MANTUA, Ohio — Bob Stehli, owner of Wintergreen Tree Farm, has had a fascination with the American chestnut tree since childhood.
After more than two decades of trial and error, he is now among a group of researchers poised to bring the formerly abundant species, or some variety of it, back to the American landscape.
“The surviving trees are so isolated that they don’t get pollinated,” Stehli said. “By the time I got this farm, I had collected seed from the last American chestnut in this area.”
Perhaps the most important natural resource in the eastern United States during the nation’s founding, massive American chestnut varieties, some as much as 50 feet high and 5 feet in diameter, stretched from Maine to Mississippi.
By the turn of the 20th century, an estimated 4 billion American chestnuts, or one-quarter of the hardwood tree population, grew within this range.
Within the first half of the 20th century, however, the American chestnut became the victim of a fungus known as chestnut blight that was introduced by an Asian species of the chestnut tree.
In the early 1990s, Stehli began experimenting with grafting blight-susceptible American and European varieties with blight-resistant Chinese and Japanese chestnut trees, a smaller, orchard-friendly species that also produces larger chestnuts.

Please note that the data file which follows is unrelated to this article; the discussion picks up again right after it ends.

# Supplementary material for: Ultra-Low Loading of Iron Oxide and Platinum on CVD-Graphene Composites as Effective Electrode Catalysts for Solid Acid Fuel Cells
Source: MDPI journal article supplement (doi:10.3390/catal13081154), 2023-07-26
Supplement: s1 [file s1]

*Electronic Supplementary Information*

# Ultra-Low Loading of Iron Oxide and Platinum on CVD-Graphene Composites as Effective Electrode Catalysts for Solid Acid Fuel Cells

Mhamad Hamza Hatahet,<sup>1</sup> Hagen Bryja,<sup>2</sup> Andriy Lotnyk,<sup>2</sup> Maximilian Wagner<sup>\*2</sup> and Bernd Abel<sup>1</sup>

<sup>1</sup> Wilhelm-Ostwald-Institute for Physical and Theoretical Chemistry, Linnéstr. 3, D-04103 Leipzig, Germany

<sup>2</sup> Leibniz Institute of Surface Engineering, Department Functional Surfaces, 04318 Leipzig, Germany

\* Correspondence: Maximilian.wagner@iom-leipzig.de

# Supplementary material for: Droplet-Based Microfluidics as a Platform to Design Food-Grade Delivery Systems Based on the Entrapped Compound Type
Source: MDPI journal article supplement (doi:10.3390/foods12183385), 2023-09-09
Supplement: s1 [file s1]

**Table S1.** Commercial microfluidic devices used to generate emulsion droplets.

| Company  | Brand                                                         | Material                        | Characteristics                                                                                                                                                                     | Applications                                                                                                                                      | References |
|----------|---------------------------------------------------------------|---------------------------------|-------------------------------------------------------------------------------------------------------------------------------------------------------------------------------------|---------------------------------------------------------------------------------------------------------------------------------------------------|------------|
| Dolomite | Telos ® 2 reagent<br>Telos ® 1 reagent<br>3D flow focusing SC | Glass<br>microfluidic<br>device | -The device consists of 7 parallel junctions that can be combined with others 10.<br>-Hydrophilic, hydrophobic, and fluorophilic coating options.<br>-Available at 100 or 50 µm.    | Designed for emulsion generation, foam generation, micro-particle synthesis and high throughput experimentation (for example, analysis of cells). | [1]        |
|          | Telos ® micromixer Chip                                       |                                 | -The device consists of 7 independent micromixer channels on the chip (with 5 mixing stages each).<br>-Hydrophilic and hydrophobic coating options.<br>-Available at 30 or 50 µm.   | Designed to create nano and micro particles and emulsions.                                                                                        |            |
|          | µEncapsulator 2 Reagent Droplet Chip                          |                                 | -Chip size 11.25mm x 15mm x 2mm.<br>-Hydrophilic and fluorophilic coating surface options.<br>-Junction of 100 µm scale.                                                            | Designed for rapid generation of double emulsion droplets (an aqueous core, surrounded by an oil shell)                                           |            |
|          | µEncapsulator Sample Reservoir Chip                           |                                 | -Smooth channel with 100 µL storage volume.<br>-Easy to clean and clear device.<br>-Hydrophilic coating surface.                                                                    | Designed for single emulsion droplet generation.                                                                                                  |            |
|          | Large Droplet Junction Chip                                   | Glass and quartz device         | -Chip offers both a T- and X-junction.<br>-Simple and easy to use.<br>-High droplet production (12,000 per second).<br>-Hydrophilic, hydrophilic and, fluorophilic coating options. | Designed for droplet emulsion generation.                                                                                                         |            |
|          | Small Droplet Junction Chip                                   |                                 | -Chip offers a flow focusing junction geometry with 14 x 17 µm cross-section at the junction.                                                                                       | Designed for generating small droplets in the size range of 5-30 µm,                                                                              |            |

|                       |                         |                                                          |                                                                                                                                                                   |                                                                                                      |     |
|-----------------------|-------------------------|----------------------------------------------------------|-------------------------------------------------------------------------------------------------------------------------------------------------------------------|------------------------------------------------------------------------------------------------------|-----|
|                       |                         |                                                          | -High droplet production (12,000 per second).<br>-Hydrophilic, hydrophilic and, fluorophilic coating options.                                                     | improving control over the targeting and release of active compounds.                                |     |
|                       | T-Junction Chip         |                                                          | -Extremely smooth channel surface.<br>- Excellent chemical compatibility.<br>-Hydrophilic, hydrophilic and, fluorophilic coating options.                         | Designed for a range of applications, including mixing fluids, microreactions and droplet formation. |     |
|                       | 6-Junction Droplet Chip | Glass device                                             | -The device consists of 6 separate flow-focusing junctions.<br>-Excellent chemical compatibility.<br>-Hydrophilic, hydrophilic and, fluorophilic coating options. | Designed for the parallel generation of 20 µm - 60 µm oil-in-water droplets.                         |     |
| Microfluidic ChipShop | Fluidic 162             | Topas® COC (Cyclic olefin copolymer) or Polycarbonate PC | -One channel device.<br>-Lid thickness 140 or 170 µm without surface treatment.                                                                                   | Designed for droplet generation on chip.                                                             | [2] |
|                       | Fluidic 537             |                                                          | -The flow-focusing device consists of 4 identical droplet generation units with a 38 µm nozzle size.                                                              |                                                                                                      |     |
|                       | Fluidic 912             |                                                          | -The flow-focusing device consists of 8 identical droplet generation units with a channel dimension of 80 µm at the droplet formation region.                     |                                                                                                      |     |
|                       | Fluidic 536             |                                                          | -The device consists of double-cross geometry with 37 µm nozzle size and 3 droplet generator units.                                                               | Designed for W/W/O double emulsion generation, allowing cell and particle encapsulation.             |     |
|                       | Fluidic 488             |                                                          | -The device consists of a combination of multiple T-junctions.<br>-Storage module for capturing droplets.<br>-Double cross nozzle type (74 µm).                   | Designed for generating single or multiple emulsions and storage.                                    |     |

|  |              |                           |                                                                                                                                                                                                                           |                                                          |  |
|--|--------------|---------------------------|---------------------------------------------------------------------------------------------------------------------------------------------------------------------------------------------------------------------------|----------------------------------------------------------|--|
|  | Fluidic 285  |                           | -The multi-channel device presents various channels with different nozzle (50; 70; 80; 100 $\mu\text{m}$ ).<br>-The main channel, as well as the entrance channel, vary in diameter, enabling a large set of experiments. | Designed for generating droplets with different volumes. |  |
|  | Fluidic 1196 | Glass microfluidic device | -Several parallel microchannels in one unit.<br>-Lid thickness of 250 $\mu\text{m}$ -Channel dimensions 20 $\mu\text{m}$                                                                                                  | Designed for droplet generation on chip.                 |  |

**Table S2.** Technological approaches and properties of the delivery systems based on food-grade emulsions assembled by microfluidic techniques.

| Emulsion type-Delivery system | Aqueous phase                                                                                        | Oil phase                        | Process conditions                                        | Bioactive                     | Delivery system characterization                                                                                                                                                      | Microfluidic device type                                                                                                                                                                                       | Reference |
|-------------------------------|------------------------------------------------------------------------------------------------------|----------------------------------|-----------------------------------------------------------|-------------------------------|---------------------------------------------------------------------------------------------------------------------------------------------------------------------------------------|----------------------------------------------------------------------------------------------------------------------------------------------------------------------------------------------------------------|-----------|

“What I found is that the American chestnut has no immunity at all to this blight,” Stehli said. “It’s not in its genes.”
His first orchard of 300 Dunstan chestnut trees, an American-Chinese cross developed in the 1950s from American chestnut seedlings found in Salem, Ohio, was partly frozen out in the winter of 1993. The effort of manually pollinating the trees until they were able to begin cross-pollinating on their own eventually began to pay off.
In 1997, Stehli got seedlings of “probably the best 25 (chestnut) trees in North America” from the Northern Nut Growers Association and planted an orchard of 4,425 of those seedlings — a mixed bag of pure American, Chinese, Chinese-European, Japanese-European, Japanese-American and American-European-Chinese crosses — in Hiram, Ohio.
Stehli and his Northern Nut Growers colleagues kept notes over the next decade, with an eye on discovering the best nut-producing seedlings.
“Some seed produced one good tree in 100 and with others, it was one in two,” he said. “And there was a huge amount of genetic diversity,”
In 2002, those best-of-the-best were taken to a Wintergreen orchard with good ground — dry and acidic in the case of chestnuts — in Ashland, Ohio.
“We took the best of the seedlings and planted one row of trees tested in Hiram, and another row of (experimental) seedlings,” Stehli said of the on-farm research in the Ashland orchard. “So even if the (experimental seedlings) don’t produce, we know the tested trees are bringing in some good pollen.”
Over the past two decades, Stehli said, his focus has shifted from reintroducing the American chestnut, to establishing a high-yielding, blight-resistant “super hybrid chestnut” tree as a consumer crop